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Smallbore Snubbie: Ruger LCR-22 Review

by G&A Staff   |  April 16th, 2012 50

Ruger-LCR-22Ruger’s snubnose polymer-frame Lightweight Compact Revolver has been a success since its introduction in 2009. It’s already available in four versions chambered for .38 Special and .357 Magnum. Now there’s a new LCR-22 with .22 Long Rifle chambering. It has exactly the same mechanics and features as the .38 Special LCR, except that it has an eight-round capacity instead of five, and weighs 14.9 ounces instead of the 13.5 ounces of the standard .38 Special version. (Even though the LCR-22 has more chambers, the holes are smaller and the weight is slightly greater.)

The other significant difference in the LCR-22 is that while the trigger mechanism uses the same patented Friction Reducing Cam as the original LCRs, it ramps up and maxes out about 2 to 3 lbs. higher than the .38 Special version and lets off at about 1 to 2 lbs. more.

Small revolvers traditionally have stiffer DA trigger pulls than medium- or large-frame revolvers simply because the leverage advantage of their small operating parts is inherently less than the longer/larger dimensions of the same parts in bigger guns. The original LCR solution was a new interface between the trigger and hammer involving a small camming surface dished out on the trigger, which has the effect of positioning the motion vectors of the two parts so that they operate in tandem when set in motion instead of resisting each other and creating friction.

The trigger pull on the LCR .38 specs out at about 10 lbs., and subjectively feels like about 8 lbs. due to the mechanical advantage of the interfaces. Most importantly, it does not have the initial full-weight “stack” of most DA trigger designs but instead increases gently from rest until it peaks at the “rollover” point just before releasing. But the LCR-22 trigger is somewhat stiffer, which was readily apparent when I fired the new rimfire side-by-side with the .38 version. Since the internal geometry of the two guns should be the same, I wondered why this should be so, and asked Ruger Product Manager Mark Gurney.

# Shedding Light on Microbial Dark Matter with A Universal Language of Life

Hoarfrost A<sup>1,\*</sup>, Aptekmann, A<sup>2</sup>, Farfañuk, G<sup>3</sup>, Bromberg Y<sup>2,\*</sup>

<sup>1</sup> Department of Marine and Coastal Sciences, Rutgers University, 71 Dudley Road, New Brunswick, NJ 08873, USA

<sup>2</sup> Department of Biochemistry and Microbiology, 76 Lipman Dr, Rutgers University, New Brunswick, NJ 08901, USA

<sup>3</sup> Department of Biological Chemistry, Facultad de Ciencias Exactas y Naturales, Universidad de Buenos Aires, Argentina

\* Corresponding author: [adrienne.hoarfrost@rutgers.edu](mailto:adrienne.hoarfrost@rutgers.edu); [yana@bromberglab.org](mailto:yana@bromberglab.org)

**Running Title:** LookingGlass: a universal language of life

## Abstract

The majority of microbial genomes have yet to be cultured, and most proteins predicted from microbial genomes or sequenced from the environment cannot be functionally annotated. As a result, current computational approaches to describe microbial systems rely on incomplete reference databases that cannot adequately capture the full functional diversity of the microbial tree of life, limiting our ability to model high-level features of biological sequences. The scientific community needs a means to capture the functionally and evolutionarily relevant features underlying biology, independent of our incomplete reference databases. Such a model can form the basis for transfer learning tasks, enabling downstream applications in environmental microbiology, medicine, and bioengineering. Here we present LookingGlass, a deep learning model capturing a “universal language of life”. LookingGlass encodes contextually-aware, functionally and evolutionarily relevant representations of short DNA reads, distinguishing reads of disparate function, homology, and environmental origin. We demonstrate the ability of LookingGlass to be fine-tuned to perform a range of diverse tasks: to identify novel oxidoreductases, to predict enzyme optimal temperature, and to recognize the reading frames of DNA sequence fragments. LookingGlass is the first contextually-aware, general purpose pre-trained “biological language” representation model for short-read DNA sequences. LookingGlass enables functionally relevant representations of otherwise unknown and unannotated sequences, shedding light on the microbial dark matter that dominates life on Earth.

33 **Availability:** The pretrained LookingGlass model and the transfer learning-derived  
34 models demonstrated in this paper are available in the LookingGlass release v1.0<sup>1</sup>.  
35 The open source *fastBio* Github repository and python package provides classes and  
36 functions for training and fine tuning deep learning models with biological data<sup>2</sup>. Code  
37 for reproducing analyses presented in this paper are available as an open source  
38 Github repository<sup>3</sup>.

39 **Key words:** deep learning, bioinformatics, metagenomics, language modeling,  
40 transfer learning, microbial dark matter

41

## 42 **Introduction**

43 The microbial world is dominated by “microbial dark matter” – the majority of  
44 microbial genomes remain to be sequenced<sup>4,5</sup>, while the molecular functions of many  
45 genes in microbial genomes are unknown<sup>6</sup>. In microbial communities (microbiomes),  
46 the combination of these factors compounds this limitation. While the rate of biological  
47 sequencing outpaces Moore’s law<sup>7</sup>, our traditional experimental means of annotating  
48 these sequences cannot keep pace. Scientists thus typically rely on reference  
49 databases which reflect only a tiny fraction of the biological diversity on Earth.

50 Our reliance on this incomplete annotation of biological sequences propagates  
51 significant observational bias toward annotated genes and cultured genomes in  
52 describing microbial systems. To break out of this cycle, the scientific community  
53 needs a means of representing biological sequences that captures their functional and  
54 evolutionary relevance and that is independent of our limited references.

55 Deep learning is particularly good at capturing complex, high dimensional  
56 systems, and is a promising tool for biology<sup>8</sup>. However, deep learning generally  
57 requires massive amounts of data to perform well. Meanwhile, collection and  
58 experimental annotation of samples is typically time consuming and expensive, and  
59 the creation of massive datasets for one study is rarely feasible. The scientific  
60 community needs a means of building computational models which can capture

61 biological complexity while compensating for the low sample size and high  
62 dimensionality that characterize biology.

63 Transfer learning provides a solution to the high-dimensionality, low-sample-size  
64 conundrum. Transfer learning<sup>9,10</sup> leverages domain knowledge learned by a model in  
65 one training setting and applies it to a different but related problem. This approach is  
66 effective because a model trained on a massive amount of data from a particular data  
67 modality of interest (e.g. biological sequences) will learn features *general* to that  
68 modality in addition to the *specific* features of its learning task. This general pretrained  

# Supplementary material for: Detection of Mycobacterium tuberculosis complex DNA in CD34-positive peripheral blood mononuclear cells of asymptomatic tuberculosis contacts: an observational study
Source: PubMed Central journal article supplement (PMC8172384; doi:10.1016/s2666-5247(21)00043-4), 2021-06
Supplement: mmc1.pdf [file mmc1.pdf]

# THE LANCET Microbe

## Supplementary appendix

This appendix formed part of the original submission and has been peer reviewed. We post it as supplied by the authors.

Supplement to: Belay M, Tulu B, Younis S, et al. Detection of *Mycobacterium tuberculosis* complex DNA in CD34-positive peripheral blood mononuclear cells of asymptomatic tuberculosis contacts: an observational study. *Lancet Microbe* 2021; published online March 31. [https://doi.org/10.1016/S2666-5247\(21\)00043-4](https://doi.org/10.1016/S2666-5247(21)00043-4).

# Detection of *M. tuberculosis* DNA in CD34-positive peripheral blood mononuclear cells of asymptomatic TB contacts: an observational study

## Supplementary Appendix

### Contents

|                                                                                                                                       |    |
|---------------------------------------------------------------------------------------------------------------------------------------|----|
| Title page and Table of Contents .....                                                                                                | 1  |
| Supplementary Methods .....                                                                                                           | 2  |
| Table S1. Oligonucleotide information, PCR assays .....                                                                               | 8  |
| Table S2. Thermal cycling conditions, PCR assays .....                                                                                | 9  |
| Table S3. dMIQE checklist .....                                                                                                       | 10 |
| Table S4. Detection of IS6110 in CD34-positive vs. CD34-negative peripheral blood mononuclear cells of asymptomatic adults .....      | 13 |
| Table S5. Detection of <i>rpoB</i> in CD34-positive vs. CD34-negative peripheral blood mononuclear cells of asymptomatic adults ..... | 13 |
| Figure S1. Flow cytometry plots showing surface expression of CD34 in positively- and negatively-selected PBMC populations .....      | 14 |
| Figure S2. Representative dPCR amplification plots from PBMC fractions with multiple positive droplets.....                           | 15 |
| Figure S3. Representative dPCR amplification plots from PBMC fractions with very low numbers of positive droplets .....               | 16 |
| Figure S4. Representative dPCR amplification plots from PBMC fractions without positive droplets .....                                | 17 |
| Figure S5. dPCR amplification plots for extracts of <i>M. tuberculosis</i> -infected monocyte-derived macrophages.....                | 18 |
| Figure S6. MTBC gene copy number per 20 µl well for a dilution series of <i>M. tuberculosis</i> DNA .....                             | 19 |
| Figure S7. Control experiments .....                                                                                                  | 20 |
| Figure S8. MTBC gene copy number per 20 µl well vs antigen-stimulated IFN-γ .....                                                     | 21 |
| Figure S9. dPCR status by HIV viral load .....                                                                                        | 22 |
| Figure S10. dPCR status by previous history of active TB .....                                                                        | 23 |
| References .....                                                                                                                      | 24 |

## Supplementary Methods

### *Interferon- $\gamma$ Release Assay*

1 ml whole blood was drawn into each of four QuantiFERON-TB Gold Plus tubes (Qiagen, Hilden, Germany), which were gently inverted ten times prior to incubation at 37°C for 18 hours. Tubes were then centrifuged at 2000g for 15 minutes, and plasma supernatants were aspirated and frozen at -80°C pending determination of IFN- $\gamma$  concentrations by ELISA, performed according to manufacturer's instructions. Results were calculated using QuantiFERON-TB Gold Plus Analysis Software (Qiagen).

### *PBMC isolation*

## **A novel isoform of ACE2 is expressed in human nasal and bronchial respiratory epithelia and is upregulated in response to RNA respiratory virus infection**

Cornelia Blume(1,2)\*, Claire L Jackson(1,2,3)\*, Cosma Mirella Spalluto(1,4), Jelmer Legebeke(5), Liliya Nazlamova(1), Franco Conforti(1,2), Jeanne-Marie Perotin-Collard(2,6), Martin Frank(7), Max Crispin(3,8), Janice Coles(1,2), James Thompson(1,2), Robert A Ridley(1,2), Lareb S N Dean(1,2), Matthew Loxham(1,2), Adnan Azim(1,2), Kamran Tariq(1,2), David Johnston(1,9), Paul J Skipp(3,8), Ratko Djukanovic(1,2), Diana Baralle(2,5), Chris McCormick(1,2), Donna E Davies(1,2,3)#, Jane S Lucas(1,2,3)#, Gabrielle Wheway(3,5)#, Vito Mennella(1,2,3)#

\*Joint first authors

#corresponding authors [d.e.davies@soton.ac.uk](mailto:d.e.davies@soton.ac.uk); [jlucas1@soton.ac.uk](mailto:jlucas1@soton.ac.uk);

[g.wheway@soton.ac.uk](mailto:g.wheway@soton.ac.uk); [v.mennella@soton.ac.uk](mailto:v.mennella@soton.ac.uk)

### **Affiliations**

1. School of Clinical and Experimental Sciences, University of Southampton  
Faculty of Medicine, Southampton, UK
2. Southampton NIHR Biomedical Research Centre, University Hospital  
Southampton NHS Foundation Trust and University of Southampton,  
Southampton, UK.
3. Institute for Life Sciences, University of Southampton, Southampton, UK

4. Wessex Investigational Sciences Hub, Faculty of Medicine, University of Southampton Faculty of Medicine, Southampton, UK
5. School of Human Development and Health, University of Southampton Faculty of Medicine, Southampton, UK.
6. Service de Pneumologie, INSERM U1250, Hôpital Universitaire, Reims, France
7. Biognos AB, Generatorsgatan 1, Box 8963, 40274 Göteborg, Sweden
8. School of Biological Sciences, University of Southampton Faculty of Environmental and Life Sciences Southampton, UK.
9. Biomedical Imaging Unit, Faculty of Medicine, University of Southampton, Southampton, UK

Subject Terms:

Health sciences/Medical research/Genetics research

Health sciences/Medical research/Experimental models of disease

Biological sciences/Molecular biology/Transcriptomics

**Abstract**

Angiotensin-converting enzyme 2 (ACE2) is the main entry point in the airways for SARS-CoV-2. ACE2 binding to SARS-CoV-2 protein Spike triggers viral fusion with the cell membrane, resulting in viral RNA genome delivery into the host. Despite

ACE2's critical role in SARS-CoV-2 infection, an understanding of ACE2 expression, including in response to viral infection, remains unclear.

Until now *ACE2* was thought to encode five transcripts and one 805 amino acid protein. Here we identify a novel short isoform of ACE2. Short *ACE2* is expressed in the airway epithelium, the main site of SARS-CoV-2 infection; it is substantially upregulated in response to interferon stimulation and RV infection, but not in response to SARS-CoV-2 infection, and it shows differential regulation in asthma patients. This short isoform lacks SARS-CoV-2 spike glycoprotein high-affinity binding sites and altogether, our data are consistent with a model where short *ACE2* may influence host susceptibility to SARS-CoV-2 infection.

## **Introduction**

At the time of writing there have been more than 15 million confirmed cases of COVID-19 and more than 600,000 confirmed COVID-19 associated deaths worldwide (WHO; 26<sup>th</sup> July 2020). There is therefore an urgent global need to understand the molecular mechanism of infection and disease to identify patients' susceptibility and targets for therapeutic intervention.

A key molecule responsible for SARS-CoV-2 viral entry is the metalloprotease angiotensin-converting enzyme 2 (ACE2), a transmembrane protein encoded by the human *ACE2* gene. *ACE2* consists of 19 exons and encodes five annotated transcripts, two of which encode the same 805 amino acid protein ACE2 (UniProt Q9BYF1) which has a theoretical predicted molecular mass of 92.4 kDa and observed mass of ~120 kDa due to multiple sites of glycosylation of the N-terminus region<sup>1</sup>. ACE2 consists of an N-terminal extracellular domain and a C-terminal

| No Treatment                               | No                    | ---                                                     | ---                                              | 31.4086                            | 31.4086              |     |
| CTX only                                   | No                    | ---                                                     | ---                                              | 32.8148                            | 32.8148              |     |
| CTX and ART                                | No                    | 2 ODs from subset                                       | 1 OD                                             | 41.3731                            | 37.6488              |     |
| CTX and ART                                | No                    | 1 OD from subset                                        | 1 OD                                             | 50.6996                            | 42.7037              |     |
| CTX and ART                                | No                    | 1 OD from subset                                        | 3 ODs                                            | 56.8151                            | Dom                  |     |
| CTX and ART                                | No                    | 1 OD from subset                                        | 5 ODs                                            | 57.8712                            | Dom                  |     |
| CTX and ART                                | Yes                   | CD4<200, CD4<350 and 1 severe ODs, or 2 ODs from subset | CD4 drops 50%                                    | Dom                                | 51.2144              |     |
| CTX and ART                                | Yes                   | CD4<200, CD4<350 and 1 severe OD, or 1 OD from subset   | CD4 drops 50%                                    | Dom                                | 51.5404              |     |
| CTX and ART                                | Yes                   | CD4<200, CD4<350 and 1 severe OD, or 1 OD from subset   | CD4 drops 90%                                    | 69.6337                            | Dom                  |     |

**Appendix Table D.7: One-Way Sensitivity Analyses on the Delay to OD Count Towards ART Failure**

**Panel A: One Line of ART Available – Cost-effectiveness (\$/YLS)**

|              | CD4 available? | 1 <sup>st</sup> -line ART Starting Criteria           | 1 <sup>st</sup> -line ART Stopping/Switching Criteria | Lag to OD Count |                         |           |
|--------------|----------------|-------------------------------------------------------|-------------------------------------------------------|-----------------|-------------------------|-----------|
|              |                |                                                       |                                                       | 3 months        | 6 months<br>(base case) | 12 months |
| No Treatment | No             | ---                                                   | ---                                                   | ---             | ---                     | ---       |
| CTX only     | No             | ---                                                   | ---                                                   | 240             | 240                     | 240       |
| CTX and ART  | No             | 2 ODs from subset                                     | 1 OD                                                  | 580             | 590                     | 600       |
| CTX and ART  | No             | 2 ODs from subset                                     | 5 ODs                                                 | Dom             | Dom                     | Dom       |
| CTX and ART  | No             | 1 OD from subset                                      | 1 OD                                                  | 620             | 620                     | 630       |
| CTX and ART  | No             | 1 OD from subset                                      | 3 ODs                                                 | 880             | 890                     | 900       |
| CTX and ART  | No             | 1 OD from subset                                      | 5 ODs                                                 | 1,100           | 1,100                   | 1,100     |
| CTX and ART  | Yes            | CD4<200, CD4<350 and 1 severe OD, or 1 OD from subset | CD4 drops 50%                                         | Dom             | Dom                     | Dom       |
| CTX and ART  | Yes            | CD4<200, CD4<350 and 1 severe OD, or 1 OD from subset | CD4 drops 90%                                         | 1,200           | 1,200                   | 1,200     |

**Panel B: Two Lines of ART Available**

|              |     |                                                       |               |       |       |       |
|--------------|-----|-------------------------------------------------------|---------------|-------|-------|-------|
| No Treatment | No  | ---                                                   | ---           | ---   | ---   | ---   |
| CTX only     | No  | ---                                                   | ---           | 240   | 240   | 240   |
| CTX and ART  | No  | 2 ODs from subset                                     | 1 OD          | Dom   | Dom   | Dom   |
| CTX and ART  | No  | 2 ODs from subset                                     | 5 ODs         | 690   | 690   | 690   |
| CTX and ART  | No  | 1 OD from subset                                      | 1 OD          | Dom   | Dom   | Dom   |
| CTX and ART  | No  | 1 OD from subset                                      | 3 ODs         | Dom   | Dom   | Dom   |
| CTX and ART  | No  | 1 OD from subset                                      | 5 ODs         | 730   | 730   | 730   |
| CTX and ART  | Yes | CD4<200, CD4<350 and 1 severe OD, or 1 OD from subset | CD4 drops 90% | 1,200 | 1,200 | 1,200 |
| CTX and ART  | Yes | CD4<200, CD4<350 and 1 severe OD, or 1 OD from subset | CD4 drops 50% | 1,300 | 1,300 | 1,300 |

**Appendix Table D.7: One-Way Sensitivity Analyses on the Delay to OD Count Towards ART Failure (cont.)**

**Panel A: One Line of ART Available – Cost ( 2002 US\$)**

His answer was short and simple: “The springs are stiffer. A .22 rimfire requires significantly more firing pin energy. So, yes, it’s heavier.” But he also emphasized that it’s still non-stacking. He urged me to try other small-frame .22 revolvers and said I’d immediately see what he meant. The others, he noted, “will instantly stack up to their maximum pull weight, while the LCR builds up to its max pull weight over almost half the length of the trigger stroke. This makes the LCR-22 viable as a practice tool for using the .38 Special or .357 Magnum versions on duty.”

I discovered he’s right. As for the practice thing, I also concur. Practicing with a stiffer-trigger gun of the same configuration will always enhance real-world performance with a lighter-pull version when the chips are down and you’re focusing on a threat instead of conscious trigger control.

And before anyone starts fulminating about why Ruger should want to be offering a pocket-size personal-defense format revolver chambered in .22 LR in the first place, consider this: people have been carrying .22 revolvers and pistols for personal defense for a very long time. Today, of course, no competent authority actually recommends a .22 rimfire as a primary defense choice. A “minimum acceptable” recommendation generally starts at .380 Auto and goes up from there.

But thousands, perhaps tens of thousands, of ordinary people still carry .22 pocket pistols or revolvers. The reasons are simple: they’re small, they’re light, they’re handy, they’re easy to conceal, they have minimal recoil and they’re comfortable to fire even by those who are not otherwise skilled or practiced shooters. This being the case, the LCR-22 is a simple recognition of reality. If large numbers of people are carrying .22 rimfires for defense, shouldn’t they have the most effective one possible? Is Ruger recommending .22 rimfire for defense? Hardly. But for those who have already made that decision — and there are many — here is a revolver specifically designed for that purpose.

If your life is at risk, a .22 in your hand is much better than a .44 Magnum that’s locked in your closet at home. Ordinary people are licensed to carry, and ordinary people — women and men both — simply won’t, and don’t, lug a heavy revolver or Model 1911 around all day. Or even a pocket-size steel-slide 9mm or .380 auto if it weighs more than a wallet. That being the case, I can’t pick any bones with Ruger about the LCR-22. I’d rather have a loved one carrying something than nothing.

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